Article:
I had just been on a 10-hour plane trip to get to Italy. I didn’t want to get right back on a plane and go home. For one thing I was afraid that if I went home they’d never bring me back again and I wanted to tell my story. I told them I could get some more time off from work and could stay until the strike was over. I also told them it might be cheaper for them if I stayed because they wouldn’t have to pay for another plane ticket. After a short conference and they said, “You can stay as long as you like, and in fact we’ll give you one million lire’ to help with your expenses while you are here.” I hadn’t been in Italy long enough to know what the exchange rate was, but a million sounded pretty good to me.

I ended up being in Italy for 19 days.

Two priests who started “Don’t Kill” drove me around within a 150 mile radius of Rome, where I spoke at schools, churches and to various types of media. The organization had collected 40,000 signatures to send to the governor of the State of Indiana and I was very happy knowing that 40,000 people wanted Paula Cooper to live. In Northwest Indiana it seemed like I was the only one who wanted her to live.

As we traveled around Italy, I had the chance to thank people for signing the petitions and encouraged others to sign. I also had a chance to go to the Vatican and to speak on Vatican radio. Being raised as a Baptist from the time I was a little boy, I never thought I’d ever go to the Vatican, and now here I was on Vatican radio. I spoke on the national and international segments. I talked about love and compassion and forgiveness. I told of Nana’s love for Jesus and talked about the healing power forgiveness. I told the listeners that I didn’t want Paula strapped in the electric chair and her life taken from her.

I had the opportunity to go back to Italy two more times over the next couple of years. Each time I encouraged people to sign the petitions. I thanked those people who had. By the fall of 1989 over 2 million people had signed the petition asking the state of Indiana to take Paula Cooper off of death row. Pope John Paul II got involved in Paula’s case and asked the governor to have mercy on Paula.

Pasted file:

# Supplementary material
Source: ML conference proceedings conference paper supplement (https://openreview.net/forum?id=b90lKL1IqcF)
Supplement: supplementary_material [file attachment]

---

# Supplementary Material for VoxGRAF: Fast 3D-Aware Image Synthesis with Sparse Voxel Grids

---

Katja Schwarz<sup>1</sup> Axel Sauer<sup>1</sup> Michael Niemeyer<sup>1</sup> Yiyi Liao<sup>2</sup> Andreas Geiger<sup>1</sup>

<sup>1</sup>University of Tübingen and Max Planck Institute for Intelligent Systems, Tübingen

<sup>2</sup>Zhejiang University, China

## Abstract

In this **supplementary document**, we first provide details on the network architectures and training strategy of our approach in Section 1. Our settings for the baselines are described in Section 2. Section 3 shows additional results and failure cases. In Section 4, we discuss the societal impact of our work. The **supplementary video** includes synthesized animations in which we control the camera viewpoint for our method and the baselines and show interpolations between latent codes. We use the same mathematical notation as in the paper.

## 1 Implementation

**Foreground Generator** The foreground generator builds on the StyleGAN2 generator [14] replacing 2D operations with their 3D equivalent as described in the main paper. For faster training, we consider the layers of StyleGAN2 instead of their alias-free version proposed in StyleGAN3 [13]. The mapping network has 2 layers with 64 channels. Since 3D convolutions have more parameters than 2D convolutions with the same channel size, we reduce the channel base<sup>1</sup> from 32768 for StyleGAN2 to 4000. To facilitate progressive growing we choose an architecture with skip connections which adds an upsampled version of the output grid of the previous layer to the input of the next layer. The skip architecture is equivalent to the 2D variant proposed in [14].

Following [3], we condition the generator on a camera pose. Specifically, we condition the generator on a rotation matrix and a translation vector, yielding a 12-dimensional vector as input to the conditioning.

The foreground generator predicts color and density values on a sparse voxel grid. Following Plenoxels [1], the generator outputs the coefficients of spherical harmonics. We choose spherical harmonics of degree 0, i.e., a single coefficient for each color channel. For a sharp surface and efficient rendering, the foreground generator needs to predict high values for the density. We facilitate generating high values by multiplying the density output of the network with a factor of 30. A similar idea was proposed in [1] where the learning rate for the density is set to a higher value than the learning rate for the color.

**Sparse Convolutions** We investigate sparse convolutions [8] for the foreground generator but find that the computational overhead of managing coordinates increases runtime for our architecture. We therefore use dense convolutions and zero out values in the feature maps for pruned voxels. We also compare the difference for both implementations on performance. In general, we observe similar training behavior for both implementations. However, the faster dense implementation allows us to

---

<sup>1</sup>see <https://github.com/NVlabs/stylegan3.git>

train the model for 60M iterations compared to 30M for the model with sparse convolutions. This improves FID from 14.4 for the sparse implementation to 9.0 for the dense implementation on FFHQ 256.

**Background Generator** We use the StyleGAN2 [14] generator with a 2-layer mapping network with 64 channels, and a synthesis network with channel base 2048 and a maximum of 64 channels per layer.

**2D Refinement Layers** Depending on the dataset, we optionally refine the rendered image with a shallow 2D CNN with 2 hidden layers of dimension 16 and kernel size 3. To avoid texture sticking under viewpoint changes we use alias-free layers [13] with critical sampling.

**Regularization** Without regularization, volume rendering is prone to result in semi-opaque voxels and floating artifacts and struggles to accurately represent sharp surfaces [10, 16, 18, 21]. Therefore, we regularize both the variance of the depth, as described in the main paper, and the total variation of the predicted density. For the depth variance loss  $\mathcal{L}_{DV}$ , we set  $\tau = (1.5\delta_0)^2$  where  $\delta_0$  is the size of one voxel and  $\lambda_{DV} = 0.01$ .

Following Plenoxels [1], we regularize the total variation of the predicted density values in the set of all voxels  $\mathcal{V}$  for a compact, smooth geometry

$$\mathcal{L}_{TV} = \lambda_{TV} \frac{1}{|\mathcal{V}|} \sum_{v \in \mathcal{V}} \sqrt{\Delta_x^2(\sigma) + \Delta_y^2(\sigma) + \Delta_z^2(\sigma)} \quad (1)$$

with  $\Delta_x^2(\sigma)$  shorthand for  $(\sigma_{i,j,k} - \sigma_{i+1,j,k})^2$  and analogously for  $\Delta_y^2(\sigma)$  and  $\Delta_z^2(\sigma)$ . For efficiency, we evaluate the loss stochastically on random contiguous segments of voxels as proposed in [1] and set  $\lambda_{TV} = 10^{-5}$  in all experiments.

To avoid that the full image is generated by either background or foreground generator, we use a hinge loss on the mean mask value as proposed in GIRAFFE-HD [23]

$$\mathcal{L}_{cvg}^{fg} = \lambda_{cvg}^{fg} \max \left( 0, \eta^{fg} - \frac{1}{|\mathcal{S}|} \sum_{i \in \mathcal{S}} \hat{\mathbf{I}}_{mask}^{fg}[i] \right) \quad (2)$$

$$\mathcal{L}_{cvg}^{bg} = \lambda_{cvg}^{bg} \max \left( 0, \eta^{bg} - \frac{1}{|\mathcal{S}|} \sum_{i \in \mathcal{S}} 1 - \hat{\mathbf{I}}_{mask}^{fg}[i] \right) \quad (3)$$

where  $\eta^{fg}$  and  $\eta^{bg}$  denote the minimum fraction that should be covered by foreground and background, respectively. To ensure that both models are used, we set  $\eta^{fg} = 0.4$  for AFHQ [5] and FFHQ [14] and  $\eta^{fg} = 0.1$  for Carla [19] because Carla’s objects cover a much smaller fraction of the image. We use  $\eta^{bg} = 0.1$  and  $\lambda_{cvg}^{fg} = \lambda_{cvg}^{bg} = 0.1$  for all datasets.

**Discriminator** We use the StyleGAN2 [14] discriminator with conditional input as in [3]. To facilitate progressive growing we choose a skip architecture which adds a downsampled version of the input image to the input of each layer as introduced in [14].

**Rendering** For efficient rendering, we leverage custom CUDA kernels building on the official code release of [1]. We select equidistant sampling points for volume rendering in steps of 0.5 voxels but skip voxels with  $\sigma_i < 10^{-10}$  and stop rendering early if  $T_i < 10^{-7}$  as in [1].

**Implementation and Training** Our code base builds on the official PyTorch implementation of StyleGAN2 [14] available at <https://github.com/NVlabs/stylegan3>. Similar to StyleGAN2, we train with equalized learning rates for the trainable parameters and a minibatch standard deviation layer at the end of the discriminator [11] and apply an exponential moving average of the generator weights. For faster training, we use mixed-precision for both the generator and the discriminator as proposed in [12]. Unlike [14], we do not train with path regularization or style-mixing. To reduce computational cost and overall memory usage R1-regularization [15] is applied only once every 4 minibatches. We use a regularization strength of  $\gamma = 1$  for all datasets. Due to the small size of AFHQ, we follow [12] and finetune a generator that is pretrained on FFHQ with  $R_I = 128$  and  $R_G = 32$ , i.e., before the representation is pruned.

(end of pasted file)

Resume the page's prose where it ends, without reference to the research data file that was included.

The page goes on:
Paula’s case drew a lot of international publicity and the State of Indiana became very embarrassed when people around the world found out Indiana law called for a 10 year-old to get the death penalty. The legislatures felt they should raise the age limit for which a person could be sentenced to death. They raised the age limit to 16, but they stipulated that Paula Cooper was still supposed to be executed under the old law.

I got a telephone call while I was at work in the fall of 1989. The caller identified himself as a journalist with UPI. He said, “Mr. Pelke, on the automatic appeal before the Indiana Supreme Court, they have just taken Paula Cooper off of death row and commuted her sentence to 60 years in prison.”

He told me the reason she was taken off of death row was because the justices said it would be exclusionary if she were the only one executed under the old law. He asked me for a comment. The first words out of my mouth were, “Praise the Lord.” I went on and gave testimony about Nana and her faith. I talked about love and compassion and forgiveness. I told him how I was glad that she was off of death row because I made a promise that if Paula was to be executed I would have walked hand in hand with her to the electric chair. I was glad that I would not have to do that. During the next hour and a half I had 15 calls from various media around the country asking for my comments. I told them each the same thing. It was a great day for me.